Domino magazine officially stormed newsstands last week after a four-year hiatus. The interior design magazine, one of the first and last magazine-catalogue half-breeds, has been refashioned as a quarterly that retails for $12 and an e-commerce site of decor wares. The Times officially trumpeted the news, which I had already reported, citing unnamed sources, a month earlier.
At the time of its closing, Domino had a circulation of 850,000 that was padded with subscribers from the shuttered House & Garden and that advertisers defected in droves in its last two years. But in the years since, it’s also been fondly remembered by a certain strain of interior design geek who was left inconsolable when the magazine was shut down in 2009, a phenomenon that was recorded in an extraordinary story again by the Times’ Penelope Green. 2009 must have been a simpler time.
What are these super Domino fans - the Domi-monde? - getting for their $12? The first issue of the print quarterly is 128 pages, eight of them advertising pages, though all but the front and back flaps by sole sponsor Target, are house ads. Pages in Domino’s March 2009 issue: 118. Price in 2009: $10 for a year’s subscription. Today, monthlies Architectural Digest and Elle Decor cost $5.99 per issue and had 230 and 248 pages, respectively, in their October issues.
The quarterly’s editorial mix is cobbled together from old parts from the first Domino and new ideas. New editor in chief: Michelle Adams. Her role at the old Domino: market assistant. Some of recurring features will be familiar to fans of the old magazine - shopping picks from the magazine’s creative staff and a back-page of ten things that make a celebrity happy - Sofia Coppola picked a $3,550 bag she designed for Louis Vuitton. Others are new ideas, like a list of “things we went nuts for,” for instance, “Travel-friendly fashion guides (by a Vogue Paris correspondent!).”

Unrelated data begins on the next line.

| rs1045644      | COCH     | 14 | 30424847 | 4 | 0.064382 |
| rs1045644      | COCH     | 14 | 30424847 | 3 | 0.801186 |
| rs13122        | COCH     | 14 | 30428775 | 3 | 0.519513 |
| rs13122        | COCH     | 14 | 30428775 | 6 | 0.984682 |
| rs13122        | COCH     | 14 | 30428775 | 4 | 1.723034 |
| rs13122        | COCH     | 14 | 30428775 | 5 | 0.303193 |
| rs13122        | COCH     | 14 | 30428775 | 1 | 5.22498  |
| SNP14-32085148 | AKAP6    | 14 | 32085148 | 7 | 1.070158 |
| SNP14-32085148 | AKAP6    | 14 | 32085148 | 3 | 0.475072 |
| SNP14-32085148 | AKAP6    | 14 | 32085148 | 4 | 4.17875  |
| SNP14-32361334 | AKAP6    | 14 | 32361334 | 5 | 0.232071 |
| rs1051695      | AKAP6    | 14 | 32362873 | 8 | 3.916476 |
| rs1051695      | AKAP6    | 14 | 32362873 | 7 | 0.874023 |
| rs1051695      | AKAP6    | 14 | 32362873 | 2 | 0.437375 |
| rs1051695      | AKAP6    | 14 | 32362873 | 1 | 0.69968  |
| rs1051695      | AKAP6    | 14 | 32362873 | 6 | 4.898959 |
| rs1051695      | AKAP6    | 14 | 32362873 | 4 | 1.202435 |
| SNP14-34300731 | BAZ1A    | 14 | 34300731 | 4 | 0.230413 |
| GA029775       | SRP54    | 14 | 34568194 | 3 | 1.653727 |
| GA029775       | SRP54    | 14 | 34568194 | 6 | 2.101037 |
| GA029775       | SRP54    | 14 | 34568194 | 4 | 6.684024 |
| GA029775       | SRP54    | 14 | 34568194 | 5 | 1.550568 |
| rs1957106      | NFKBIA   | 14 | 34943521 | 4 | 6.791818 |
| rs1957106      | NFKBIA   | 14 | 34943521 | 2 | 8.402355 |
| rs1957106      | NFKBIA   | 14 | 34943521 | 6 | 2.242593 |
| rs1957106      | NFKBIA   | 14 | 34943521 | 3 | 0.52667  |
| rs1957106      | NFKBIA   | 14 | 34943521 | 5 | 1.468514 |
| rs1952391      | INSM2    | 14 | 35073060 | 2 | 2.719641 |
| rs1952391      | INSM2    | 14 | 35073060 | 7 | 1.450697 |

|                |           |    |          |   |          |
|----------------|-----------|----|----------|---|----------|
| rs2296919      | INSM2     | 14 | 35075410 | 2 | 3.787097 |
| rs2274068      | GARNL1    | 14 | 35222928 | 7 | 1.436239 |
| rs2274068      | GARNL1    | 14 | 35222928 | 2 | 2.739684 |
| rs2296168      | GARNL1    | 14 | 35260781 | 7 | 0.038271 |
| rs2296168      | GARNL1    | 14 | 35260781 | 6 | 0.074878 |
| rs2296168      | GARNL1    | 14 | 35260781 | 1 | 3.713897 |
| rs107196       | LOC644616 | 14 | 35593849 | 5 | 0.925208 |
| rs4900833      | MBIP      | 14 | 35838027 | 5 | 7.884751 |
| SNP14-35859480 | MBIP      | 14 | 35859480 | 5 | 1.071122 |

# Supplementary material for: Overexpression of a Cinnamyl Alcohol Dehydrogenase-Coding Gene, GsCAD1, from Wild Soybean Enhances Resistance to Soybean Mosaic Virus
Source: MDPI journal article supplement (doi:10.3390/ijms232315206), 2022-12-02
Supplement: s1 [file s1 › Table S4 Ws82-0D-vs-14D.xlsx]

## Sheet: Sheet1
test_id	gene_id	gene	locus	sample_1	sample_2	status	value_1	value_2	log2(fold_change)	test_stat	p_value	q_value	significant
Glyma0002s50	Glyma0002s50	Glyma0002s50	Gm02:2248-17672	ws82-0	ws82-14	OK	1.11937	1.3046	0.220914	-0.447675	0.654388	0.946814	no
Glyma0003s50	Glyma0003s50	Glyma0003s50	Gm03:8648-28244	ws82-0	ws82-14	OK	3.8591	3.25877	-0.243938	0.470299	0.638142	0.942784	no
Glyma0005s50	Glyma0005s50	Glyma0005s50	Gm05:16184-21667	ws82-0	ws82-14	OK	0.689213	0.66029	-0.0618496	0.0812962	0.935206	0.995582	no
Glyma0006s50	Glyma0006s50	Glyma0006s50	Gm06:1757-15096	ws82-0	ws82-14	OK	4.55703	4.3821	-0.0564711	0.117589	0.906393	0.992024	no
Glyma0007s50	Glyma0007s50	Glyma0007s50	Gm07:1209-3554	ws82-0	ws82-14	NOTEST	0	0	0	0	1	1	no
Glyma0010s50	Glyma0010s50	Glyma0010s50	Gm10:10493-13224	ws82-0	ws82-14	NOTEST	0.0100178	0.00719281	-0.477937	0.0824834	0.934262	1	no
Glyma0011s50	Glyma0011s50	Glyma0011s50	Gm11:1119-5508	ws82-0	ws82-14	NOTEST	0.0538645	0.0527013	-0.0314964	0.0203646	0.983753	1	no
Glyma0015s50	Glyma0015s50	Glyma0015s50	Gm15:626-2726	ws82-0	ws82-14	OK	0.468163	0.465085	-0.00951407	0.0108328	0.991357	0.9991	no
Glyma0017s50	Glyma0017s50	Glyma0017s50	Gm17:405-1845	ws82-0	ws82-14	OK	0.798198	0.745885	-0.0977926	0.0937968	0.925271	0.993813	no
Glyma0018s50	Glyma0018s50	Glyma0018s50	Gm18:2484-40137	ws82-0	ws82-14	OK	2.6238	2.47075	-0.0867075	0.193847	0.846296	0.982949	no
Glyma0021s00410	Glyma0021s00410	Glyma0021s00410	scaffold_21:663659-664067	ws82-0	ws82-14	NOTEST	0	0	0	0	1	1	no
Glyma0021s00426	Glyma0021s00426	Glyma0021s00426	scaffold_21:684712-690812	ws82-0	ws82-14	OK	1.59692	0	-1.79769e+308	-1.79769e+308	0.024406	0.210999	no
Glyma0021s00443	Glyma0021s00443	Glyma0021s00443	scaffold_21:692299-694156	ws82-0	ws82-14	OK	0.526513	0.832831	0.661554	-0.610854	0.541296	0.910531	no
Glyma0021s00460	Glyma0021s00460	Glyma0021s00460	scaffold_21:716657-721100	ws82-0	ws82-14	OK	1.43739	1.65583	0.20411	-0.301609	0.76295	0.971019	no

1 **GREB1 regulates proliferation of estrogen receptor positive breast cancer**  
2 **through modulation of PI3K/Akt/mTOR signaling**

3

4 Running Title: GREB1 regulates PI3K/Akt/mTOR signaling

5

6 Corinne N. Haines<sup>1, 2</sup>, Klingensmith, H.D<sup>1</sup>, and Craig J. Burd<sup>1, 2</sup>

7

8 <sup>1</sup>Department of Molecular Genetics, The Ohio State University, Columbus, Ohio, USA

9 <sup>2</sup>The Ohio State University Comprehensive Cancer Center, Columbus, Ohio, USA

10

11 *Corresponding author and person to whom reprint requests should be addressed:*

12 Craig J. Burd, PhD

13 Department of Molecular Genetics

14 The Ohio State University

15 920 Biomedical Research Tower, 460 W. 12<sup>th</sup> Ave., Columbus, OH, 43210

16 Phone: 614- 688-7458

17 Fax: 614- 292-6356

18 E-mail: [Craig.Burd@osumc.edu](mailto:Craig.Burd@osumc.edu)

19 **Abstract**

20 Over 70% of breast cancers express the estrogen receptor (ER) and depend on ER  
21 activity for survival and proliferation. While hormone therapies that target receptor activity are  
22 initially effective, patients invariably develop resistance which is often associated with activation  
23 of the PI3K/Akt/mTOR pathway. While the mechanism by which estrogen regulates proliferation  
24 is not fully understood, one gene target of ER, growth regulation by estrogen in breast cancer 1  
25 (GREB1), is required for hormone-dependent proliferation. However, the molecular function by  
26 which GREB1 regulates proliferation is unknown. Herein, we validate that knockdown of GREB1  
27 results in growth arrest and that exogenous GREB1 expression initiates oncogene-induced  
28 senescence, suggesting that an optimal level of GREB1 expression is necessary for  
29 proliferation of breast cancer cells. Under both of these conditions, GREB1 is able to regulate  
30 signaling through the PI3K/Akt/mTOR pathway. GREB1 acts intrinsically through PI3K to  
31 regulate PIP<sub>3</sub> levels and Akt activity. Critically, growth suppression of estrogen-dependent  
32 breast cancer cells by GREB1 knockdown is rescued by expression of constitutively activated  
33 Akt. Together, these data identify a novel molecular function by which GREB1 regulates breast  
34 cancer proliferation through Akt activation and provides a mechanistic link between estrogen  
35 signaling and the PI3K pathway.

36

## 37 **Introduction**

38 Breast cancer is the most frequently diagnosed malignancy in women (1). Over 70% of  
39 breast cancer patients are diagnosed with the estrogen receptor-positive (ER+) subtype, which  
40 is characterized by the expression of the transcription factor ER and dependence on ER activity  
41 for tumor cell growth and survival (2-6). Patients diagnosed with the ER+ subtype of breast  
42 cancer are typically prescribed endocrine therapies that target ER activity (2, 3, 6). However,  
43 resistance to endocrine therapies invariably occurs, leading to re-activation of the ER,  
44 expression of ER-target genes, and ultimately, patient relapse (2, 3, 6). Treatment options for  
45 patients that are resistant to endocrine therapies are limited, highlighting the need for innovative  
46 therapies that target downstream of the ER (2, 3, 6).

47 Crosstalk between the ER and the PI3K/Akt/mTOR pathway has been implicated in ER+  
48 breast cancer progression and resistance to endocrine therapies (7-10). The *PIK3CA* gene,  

In the feature well, we visit the home of Nate Berkus and his husband to be, which would be newsworthy if his home hadn’t already been featured on the cover of Architectural Digest last year, Elle Decor in April, Harper’s Bazaar in May and, in March, in Lonny, the digital magazine Adams left to be Domino’s eic. Who else is inside? Eva Chen, the new editor in chief of Conde’s Lucky.
But we shouldn’t mind the print magazine too much, even if it carries a $12 price tag. Domino isn’t a magazine anymore, the New York Times enthused last week. It’s a store. Its main organ is an e-commerce site.
And so we’ve come full circle. While magazine content might have once been the main reason a magazine became popular the most basic components of the medium - like editorial judgment, personality, writing - are incidental to the new proposition. What fans are expected to buying into now is the aura of the brand. Its url, dominomag.com, is a misnomer - the mag part is a vestigial leftover, like an appendix, from some other time that no longer serves a function. A magazine that was a refashioned catalog to begin with has now been further reduced to its most basic commercial function - to move product. The editor here isn’t an ostensible arbiter of taste, but instead plays window dresser, selecting and embellishing and arranging product just so to entice passing customers to pay a hefty mark-up for a lamp.
This raises the other question about the new Domino. How useful is it as a retailer? Consider this table lamp from Barbara Cosgrove. It is copper patina on brass. Price on Dominomag.com: $862.50. How much is that on Amazon.com? $425.00.